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Homepage > Publication Type > Media Releases > South Sudan: A Civil War by Any Other Name

South Sudan: A Civil War by Any Other Name

Addis Ababa/Juba/Nairobi/Brussels  |   10 Apr 2014

Refocusing international engagement as well as the peace negotiations is essential to stop South Sudan’s raging civil war from claiming ever more lives. 

A rocket fired by the SPLA Government forces cruises over a hut burnt by debris created by a previous rocket fired shortly before along the frontline at Mathiang near Bor, South Sudan, January 26, 2014. REUTERS

“Resolving the conflict requires sustained domestic and international commitment. The democratic space that was closed after independence in July 2011 must be reopened to enable peace and reconciliation processes to take hold”.

Comfort Ero, Crisis Group’s Africa Program Director

South Sudan’s four-month civil war has displaced more than a million and killed over 10,000; an escalating humanitarian crisis threatens many more. In its latest report, South Sudan: A Civil War by Any Other Name, the International Crisis Group looks at the longstanding political and military grievances behind spiralling violence and examines the steps necessary for peace and reconciliation. Communal conflicts cannot be separated from political disputes, and resolving both requires sustained commitment from South Sudanese and international actors.

The report’s major findings and recommendations are:

  • The dispute within the governing Sudan Peoples’ Liberation Movement (SPLM) that led to the conflict was primarily political, but ethnic targeting and communal mobilisation quickly led to appalling levels of brutality against civilians. As peace talks between the government and the SPLM/A in Opposition stalled, both sides sought gains on the battlefield to strengthen their position in negotiations.
  • Peace talks and reconciliation efforts must expand considerably beyond deals between political elites to include other militarised actors as well as community-based organisations, religious groups, women’s associations and others.
  • To address the rapidly growing humanitarian crisis, armed actors must permit unconditional humanitarian access to civilians in areas they control. Aid providers must prepare to scale up humanitarian service delivery to prevent an avoidable famine.
  • Plans by the Inter-Governmental Authority on Development (IGAD) to deploy a Protection and Deterrent Force raise the prospect of even greater regional involvement. IGAD should only do so with a clear mandate that supports a political resolution of the conflict.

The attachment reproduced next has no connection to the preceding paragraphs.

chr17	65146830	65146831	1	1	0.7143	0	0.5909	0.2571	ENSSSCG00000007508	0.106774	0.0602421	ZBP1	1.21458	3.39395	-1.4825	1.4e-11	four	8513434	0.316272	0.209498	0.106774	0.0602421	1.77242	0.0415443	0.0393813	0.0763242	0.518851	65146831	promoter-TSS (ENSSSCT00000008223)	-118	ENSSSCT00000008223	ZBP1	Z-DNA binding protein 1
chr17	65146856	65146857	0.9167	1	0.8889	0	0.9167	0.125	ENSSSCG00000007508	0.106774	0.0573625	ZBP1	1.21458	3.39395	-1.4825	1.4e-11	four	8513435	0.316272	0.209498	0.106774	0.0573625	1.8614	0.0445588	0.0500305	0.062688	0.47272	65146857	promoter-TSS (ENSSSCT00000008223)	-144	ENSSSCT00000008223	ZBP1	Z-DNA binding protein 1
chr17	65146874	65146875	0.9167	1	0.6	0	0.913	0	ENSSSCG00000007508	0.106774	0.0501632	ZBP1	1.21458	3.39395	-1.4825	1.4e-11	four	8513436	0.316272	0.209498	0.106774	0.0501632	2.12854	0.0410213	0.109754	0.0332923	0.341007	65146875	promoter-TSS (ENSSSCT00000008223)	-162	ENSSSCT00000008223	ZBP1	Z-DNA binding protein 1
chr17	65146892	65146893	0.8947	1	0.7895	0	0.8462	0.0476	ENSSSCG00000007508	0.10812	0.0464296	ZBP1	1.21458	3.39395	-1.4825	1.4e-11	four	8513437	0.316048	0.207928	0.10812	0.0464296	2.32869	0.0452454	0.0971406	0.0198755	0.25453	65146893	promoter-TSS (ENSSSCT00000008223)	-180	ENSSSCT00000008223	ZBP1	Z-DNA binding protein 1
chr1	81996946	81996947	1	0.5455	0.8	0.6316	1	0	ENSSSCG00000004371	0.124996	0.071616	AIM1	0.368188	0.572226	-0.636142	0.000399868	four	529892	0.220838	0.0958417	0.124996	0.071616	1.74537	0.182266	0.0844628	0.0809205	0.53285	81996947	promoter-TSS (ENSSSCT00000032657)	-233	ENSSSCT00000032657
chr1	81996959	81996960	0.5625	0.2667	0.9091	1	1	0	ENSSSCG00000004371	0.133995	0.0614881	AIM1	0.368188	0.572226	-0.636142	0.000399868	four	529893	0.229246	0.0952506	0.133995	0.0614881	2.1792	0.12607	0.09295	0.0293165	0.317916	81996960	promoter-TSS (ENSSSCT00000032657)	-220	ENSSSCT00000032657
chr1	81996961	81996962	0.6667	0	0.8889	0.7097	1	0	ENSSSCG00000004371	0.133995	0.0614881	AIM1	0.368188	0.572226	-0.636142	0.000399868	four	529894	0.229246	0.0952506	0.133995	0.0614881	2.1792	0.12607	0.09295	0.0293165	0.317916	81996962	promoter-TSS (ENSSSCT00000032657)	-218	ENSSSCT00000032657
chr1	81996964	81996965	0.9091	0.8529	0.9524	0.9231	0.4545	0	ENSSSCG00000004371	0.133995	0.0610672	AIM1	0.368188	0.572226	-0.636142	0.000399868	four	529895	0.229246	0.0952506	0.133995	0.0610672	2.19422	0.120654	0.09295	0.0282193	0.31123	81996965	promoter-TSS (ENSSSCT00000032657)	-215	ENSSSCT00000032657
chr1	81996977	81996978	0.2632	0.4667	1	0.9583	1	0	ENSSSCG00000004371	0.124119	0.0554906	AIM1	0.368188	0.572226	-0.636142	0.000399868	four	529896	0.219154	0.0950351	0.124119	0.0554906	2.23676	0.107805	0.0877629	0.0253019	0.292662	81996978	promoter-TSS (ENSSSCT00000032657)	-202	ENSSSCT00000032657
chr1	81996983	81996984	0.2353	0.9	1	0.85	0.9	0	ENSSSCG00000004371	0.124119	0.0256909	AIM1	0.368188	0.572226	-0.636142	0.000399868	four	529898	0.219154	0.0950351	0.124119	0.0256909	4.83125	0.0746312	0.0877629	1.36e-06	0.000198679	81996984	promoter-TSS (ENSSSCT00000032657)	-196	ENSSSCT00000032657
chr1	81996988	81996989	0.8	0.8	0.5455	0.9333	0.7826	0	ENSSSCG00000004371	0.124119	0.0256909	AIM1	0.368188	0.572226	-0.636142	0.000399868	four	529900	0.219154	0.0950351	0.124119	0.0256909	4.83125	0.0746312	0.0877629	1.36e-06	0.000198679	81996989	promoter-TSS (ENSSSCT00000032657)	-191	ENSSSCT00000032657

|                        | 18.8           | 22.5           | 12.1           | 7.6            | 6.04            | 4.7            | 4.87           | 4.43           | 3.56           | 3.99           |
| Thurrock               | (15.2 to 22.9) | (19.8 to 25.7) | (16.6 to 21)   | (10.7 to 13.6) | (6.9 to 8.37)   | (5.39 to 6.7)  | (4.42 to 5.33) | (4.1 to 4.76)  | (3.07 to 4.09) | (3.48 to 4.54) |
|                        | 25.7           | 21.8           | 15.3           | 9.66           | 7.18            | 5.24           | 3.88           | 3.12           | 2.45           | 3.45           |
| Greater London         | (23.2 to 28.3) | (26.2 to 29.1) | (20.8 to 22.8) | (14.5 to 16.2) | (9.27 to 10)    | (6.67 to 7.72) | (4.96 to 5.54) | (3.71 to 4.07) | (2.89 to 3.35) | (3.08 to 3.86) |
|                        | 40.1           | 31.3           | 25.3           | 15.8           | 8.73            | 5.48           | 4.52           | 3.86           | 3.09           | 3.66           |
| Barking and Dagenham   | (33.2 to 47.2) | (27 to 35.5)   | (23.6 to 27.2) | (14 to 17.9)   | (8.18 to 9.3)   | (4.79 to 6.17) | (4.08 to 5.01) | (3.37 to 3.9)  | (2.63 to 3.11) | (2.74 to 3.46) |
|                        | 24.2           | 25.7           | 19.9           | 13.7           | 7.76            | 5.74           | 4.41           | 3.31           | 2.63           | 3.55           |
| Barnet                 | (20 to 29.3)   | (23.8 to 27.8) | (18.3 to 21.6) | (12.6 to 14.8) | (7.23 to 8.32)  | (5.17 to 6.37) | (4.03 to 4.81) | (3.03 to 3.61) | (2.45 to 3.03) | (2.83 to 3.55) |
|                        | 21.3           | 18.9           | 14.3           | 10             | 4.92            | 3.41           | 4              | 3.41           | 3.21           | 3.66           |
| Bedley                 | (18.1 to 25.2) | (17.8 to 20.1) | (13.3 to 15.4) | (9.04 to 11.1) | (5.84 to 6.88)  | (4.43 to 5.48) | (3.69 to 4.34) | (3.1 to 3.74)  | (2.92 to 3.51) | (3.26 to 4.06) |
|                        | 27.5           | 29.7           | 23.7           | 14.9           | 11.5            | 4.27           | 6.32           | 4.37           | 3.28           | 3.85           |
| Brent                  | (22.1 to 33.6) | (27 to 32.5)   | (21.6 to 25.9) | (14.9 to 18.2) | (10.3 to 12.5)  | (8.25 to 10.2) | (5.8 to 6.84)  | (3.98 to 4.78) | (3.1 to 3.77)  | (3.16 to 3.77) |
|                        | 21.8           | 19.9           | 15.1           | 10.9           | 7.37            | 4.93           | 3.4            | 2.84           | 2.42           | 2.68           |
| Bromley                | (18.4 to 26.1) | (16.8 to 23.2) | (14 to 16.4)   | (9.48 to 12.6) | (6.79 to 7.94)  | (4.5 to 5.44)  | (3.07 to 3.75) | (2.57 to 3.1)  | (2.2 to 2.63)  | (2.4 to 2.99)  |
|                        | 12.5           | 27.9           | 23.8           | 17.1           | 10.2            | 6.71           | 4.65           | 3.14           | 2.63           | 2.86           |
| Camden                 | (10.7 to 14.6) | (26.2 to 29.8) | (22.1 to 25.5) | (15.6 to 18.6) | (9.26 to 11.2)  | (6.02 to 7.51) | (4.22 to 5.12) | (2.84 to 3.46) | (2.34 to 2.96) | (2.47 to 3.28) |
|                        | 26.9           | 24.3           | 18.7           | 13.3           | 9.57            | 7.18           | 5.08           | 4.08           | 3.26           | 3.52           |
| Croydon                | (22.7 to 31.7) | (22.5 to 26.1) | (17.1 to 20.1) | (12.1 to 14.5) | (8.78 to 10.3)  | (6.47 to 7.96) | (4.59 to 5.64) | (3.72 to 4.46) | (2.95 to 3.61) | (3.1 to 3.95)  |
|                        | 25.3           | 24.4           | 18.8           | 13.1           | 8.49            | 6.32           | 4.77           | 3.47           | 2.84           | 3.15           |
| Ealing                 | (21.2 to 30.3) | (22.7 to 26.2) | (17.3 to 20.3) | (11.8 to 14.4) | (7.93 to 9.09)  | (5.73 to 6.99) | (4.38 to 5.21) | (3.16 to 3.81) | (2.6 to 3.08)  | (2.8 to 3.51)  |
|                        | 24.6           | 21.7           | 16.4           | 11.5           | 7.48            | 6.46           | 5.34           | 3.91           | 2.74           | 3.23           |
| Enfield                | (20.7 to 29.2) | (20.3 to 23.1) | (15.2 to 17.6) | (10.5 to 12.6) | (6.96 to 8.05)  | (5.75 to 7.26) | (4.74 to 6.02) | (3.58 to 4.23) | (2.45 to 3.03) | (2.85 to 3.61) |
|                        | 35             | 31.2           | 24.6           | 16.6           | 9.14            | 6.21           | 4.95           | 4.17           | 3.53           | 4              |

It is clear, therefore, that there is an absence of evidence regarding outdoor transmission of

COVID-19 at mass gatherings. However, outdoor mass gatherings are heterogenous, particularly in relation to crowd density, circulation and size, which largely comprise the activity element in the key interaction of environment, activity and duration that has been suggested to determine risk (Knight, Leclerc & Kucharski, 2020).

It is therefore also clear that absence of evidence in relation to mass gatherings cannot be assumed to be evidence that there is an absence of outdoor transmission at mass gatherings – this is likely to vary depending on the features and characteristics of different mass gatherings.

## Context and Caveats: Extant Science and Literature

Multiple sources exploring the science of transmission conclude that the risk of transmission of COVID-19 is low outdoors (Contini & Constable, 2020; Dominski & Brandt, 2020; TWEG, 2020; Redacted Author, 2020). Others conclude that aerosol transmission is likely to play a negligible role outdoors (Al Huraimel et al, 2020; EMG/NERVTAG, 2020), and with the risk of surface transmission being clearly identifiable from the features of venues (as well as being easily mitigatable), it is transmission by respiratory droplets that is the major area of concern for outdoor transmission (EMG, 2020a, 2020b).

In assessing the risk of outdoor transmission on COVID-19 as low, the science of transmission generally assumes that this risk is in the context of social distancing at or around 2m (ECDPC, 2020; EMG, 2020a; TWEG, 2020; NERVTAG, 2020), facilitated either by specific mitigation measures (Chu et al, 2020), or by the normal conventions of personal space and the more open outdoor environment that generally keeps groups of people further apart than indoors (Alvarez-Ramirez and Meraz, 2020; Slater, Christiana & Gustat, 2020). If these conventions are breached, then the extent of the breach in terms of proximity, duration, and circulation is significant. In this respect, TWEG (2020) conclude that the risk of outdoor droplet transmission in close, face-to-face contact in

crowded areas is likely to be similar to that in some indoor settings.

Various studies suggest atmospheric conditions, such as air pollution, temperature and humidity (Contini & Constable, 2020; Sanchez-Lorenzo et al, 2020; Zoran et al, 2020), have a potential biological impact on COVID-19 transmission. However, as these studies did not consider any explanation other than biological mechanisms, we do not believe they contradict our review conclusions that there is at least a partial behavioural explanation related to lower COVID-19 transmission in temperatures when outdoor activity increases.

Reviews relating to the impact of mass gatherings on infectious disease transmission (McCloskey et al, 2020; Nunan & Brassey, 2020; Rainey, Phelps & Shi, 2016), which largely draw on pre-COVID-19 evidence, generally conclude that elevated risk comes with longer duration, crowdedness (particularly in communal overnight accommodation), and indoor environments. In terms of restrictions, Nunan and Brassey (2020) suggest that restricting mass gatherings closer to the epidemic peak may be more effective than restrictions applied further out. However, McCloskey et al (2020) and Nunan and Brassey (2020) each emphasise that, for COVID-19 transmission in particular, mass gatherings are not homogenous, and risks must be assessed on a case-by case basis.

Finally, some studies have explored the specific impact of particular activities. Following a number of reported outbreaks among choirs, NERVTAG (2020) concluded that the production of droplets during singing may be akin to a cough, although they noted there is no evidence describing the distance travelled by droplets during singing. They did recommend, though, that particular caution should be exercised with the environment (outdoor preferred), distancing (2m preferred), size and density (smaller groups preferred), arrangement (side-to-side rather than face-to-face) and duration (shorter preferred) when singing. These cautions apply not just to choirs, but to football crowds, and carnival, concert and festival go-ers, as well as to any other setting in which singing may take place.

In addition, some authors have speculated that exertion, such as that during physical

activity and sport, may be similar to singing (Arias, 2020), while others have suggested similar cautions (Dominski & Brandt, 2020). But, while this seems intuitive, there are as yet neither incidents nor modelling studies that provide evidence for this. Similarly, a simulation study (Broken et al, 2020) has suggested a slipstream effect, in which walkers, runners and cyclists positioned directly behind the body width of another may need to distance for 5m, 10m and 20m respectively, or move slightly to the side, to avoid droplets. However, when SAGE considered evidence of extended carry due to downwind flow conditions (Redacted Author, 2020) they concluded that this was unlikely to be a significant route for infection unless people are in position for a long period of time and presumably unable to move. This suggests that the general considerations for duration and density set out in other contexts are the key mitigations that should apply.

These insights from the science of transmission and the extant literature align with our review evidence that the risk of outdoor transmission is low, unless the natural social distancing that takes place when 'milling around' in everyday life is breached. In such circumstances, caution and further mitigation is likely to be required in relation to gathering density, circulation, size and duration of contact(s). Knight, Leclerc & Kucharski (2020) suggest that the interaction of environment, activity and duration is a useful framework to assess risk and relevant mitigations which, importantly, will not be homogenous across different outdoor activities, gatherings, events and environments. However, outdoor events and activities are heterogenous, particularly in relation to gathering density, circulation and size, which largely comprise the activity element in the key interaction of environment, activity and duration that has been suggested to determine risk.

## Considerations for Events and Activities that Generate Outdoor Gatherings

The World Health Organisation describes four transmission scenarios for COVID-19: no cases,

• The UN Mission in South Sudan (UNMISS) is called upon to be an impartial actor in conflict-affected areas and to carry out state-support tasks in others. This dual mandate creates confusion and should urgently be amended to focus on the protection of civilians, human-rights reporting, support for IGAD’s mediation and logistical help to the African Union Commission of Inquiry.
“Many communities are aligning themselves with military factions, giving the conflict a dangerous ethno-military nature”, says Casie Copeland, Consulting South Sudan Analyst. “To prevent further catastrophe, South Sudan’s leaders and its international partners need to consider a radical restructuring of the state. New constituencies have to be admitted to a national dialogue, including armed groups previously not included, civil society actors and disaffected communities”.

“The conflict that broke out on 15 December 2013 was decades in the making. Resolving it requires not a quick fix but sustained domestic and international commitment”, says Comfort Ero, Africa Program Director. “The democratic space that was closed after independence in July 2011 must be reopened to enable peace and reconciliation processes to take hold”.

 
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Video

Sudan and South Sudan

29 April 2014: In this series of four video interviews, Casie Copeland, Crisis Group’s Consulting South Sudan Analyst, and Jérôme Tubiana, Crisis Group’s Sudan Senior Analyst, discuss the escalating conflict in Sudan and South Sudan. They break down the different parties to the conflict in South Sudan, highlight the growing humanitarian crisis, stress the increasingly regional nature of the conflict, and discuss the relationship of China, the biggest consumer of South Sudanese oil, with both Sudan and South Sudan.

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